Ella Mendoza, 27—artist, writer, activist.
Born—Lima, Peru, brought to the United States when she was 12.
Ella Mendoza’s storytelling, her art and her activism, is often told through the lens of skin color. Her father, she says, is light-skinned. Her mother is dark-skinned. This is an important distinction because, as Mendoza writes, even in Peru “a lighter-skinned man had better access to money and resources.” When her family had enough money to seek out a new life in the United States it was Mendoza’s father who brought her to her new home. Her mother remained behind.
Mendoza is one of about 130,000 undocumented immigrants living in Utah. Nationally our state has the tenth-greatest number of undocumented workers. Deeply committed to the community of undocumented immigrants of which she is openly a part of, Mendoza is not one of those people who found themselves pushed into action only after the recent election. She has long questioned power structures that try to define where she belongs and what she is capable of.
In 2013 Mendoza began working with Peaceful Uprising. Since then she has spent time in the camps at Standing Rock (she lived there last year from August to December) and with the Utah Tar Sands Resistance. She helped to co-found the Utah chapter of Familia: Trans Queer Liberation Movement and she is currently active with ROAR (Roots of Autonomous Resistance) Collective, a union of people of color resisting modern-day colonialism as perpetuated through the continued theft of native lands and resources.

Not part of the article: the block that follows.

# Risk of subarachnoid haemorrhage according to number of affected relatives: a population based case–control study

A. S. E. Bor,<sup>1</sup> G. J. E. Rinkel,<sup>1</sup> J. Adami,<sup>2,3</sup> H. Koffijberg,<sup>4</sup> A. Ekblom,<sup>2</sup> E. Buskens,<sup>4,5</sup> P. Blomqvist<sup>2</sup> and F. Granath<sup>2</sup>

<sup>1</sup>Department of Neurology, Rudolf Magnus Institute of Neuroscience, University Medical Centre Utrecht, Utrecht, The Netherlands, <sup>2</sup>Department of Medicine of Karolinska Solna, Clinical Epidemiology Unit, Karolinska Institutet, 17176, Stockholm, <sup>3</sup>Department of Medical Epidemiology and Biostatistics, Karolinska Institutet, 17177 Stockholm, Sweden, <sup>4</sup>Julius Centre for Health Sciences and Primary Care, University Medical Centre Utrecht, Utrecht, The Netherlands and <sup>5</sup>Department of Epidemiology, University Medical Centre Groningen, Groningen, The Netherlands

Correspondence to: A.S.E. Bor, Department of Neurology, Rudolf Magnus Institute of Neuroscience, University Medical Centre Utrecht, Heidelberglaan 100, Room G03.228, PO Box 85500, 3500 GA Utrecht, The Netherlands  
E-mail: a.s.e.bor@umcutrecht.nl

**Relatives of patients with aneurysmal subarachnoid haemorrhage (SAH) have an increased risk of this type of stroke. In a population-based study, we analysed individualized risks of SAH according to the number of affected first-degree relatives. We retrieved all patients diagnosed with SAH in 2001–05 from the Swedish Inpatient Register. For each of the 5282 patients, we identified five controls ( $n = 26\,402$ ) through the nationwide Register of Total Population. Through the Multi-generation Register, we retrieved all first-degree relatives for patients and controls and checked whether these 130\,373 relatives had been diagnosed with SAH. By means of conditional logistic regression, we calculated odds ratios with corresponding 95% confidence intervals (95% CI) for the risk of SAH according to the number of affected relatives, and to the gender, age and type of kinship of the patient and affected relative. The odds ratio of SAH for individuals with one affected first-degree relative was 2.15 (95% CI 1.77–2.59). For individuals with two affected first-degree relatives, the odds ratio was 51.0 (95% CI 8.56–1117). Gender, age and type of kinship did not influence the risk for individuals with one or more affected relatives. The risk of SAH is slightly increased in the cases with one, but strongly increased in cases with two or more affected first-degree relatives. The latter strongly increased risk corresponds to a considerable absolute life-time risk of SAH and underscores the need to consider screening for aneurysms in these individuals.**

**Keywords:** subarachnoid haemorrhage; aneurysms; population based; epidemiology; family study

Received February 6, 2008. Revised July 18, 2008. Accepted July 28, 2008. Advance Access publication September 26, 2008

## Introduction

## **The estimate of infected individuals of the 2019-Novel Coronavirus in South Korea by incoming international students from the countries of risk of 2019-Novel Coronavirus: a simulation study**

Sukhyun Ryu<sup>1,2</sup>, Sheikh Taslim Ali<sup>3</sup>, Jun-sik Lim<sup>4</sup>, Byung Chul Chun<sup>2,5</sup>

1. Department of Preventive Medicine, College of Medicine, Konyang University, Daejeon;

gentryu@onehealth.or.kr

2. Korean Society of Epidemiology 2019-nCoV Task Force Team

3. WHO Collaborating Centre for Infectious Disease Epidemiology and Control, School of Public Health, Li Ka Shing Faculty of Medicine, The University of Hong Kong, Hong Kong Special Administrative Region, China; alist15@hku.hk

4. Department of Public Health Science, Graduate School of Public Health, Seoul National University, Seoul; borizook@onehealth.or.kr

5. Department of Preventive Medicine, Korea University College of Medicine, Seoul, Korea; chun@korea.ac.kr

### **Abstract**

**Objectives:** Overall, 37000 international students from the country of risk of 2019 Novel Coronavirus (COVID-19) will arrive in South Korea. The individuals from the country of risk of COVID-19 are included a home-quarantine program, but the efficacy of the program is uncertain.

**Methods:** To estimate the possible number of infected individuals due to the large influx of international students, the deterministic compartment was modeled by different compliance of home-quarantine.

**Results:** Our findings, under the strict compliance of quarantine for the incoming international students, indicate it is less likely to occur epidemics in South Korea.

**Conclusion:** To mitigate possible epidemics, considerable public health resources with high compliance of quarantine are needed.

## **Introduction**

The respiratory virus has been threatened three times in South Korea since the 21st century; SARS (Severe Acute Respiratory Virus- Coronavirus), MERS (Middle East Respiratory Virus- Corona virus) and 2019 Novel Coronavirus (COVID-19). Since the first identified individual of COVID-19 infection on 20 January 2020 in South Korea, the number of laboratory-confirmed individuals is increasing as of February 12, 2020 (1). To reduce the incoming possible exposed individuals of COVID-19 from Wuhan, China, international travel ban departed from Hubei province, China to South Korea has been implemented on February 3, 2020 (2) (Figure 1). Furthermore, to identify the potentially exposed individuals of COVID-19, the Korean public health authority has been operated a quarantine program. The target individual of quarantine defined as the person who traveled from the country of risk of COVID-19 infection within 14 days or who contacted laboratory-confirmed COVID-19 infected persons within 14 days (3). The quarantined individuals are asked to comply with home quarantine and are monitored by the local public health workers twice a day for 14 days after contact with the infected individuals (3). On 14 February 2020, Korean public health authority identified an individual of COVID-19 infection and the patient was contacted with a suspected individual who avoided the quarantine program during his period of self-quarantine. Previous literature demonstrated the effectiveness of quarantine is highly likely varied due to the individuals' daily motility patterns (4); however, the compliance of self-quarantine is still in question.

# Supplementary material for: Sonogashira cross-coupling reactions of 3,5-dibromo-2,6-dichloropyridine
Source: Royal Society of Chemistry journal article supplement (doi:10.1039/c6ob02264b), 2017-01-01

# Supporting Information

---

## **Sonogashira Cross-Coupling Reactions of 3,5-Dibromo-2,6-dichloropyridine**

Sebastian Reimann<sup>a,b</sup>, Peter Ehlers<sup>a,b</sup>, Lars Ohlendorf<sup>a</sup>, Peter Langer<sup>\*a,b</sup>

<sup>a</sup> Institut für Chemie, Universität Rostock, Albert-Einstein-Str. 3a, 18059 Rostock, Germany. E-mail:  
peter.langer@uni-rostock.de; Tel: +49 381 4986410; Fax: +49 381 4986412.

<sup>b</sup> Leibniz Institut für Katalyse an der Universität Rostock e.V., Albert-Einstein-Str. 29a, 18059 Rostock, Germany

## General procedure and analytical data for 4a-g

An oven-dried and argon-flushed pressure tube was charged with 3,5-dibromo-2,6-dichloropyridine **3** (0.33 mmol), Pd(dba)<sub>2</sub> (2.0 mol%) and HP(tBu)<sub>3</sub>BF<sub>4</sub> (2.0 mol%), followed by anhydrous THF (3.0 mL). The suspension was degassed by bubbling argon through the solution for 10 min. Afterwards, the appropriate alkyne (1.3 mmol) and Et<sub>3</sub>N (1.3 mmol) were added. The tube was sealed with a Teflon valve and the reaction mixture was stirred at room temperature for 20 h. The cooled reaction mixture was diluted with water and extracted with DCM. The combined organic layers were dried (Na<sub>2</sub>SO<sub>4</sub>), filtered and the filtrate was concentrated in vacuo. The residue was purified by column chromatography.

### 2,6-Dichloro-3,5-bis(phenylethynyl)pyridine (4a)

Inspired by a feminist zine workshop she recently attended in New York, Mendoza created Resist, a pocket-sized handbook filled with her sketches—thick black curling lines that become flowers and the faces of women, and tools of resistance. Her second in this zine series, How to Make Art, gave protesters tips on how to stay safe and be heard—with ideas and prototypes for signs, banners and stencils. The third in this series, out soon and available at Diabolical Records, is Know Your Rights: Defending Our Community (a PDF is also available for free online at Ellita.net).
“My community is other undocumented people and we have been through a lot together,” says Mendoza. She also uses Resist as a love letter for the people she considers family. “It’s a note that reminds you that you are special. You will survive.”
Get some ideas on how to make your own zine: Attend the Alt Press Fest the City’s Main Library this summer, Saturday July 8, noon-4pm.